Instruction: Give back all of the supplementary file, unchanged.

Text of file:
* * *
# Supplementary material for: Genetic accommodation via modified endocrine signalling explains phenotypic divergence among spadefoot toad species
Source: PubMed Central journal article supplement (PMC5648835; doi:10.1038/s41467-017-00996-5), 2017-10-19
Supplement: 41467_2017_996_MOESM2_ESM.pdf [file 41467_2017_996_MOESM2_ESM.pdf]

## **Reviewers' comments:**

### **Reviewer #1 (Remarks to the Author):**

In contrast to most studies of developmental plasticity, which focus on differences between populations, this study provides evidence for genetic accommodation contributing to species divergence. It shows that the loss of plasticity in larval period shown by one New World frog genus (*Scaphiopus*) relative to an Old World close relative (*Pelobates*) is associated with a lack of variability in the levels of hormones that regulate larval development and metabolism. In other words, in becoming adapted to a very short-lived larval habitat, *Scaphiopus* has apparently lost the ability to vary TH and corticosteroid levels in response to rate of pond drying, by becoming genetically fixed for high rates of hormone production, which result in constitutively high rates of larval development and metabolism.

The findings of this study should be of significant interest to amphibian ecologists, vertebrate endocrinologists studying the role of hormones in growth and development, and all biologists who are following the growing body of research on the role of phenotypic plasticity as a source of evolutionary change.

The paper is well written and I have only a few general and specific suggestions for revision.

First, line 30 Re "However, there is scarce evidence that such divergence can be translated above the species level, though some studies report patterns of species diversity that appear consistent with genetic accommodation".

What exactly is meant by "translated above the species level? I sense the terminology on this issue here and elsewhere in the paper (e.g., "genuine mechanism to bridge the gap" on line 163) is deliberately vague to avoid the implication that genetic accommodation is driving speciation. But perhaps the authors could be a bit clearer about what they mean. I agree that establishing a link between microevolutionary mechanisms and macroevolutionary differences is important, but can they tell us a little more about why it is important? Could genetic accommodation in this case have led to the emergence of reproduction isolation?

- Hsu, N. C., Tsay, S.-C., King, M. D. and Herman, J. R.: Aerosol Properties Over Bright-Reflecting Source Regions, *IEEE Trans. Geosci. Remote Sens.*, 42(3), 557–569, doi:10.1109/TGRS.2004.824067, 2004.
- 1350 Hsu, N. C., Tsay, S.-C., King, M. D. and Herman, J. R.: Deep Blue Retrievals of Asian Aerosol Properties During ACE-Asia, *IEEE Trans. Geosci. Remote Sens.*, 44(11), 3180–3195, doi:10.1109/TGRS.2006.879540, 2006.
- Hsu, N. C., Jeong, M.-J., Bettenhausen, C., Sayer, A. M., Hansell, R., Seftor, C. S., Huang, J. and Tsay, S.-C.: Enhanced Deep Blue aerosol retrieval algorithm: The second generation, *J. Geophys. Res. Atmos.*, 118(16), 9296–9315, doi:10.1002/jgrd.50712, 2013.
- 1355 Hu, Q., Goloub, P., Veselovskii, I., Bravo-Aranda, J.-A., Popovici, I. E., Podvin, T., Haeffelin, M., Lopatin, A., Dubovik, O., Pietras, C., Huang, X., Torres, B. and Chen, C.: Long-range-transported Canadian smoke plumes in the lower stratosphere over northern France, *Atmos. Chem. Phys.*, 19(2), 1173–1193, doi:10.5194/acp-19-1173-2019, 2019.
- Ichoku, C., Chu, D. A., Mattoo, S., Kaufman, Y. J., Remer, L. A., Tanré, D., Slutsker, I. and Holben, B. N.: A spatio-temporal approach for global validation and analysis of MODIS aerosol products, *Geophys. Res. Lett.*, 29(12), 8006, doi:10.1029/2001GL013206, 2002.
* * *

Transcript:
# Supplementary material for: Genetic accommodation via modified endocrine signalling explains phenotypic divergence among spadefoot toad species
Source: PubMed Central journal article supplement (PMC5648835; doi:10.1038/s41467-017-00996-5), 2017-10-19
Supplement: 41467_2017_996_MOESM2_ESM.pdf [file 41467_2017_996_MOESM2_ESM.pdf]

## **Reviewers' comments:**

### **Reviewer #1 (Remarks to the Author):**

In contrast to most studies of developmental plasticity, which focus on differences between populations, this study provides evidence for genetic accommodation contributing to species divergence. It shows that the loss of plasticity in larval period shown by one New World frog genus (*Scaphiopus*) relative to an Old World close relative (*Pelobates*) is associated with a lack of variability in the levels of hormones that regulate larval development and metabolism. In other words, in becoming adapted to a very short-lived larval habitat, *Scaphiopus* has apparently lost the ability to vary TH and corticosteroid levels in response to rate of pond drying, by becoming genetically fixed for high rates of hormone production, which result in constitutively high rates of larval development and metabolism.

The findings of this study should be of significant interest to amphibian ecologists, vertebrate endocrinologists studying the role of hormones in growth and development, and all biologists who are following the growing body of research on the role of phenotypic plasticity as a source of evolutionary change.

The paper is well written and I have only a few general and specific suggestions for revision.

First, line 30 Re "However, there is scarce evidence that such divergence can be translated above the species level, though some studies report patterns of species diversity that appear consistent with genetic accommodation".

What exactly is meant by "translated above the species level? I sense the terminology on this issue here and elsewhere in the paper (e.g., "genuine mechanism to bridge the gap" on line 163) is deliberately vague to avoid the implication that genetic accommodation is driving speciation. But perhaps the authors could be a bit clearer about what they mean. I agree that establishing a link between microevolutionary mechanisms and macroevolutionary differences is important, but can they tell us a little more about why it is important? Could genetic accommodation in this case have led to the emergence of reproduction isolation?

- Hsu, N. C., Tsay, S.-C., King, M. D. and Herman, J. R.: Aerosol Properties Over Bright-Reflecting Source Regions, *IEEE Trans. Geosci. Remote Sens.*, 42(3), 557–569, doi:10.1109/TGRS.2004.824067, 2004.
- 1350 Hsu, N. C., Tsay, S.-C., King, M. D. and Herman, J. R.: Deep Blue Retrievals of Asian Aerosol Properties During ACE-Asia, *IEEE Trans. Geosci. Remote Sens.*, 44(11), 3180–3195, doi:10.1109/TGRS.2006.879540, 2006.
- Hsu, N. C., Jeong, M.-J., Bettenhausen, C., Sayer, A. M., Hansell, R., Seftor, C. S., Huang, J. and Tsay, S.-C.: Enhanced Deep Blue aerosol retrieval algorithm: The second generation, *J. Geophys. Res. Atmos.*, 118(16), 9296–9315, doi:10.1002/jgrd.50712, 2013.
- 1355 Hu, Q., Goloub, P., Veselovskii, I., Bravo-Aranda, J.-A., Popovici, I. E., Podvin, T., Haeffelin, M., Lopatin, A., Dubovik, O., Pietras, C., Huang, X., Torres, B. and Chen, C.: Long-range-transported Canadian smoke plumes in the lower stratosphere over northern France, *Atmos. Chem. Phys.*, 19(2), 1173–1193, doi:10.5194/acp-19-1173-2019, 2019.
- Ichoku, C., Chu, D. A., Mattoo, S., Kaufman, Y. J., Remer, L. A., Tanré, D., Slutsker, I. and Holben, B. N.: A spatio-temporal approach for global validation and analysis of MODIS aerosol products, *Geophys. Res. Lett.*, 29(12), 8006, doi:10.1029/2001GL013206, 2002.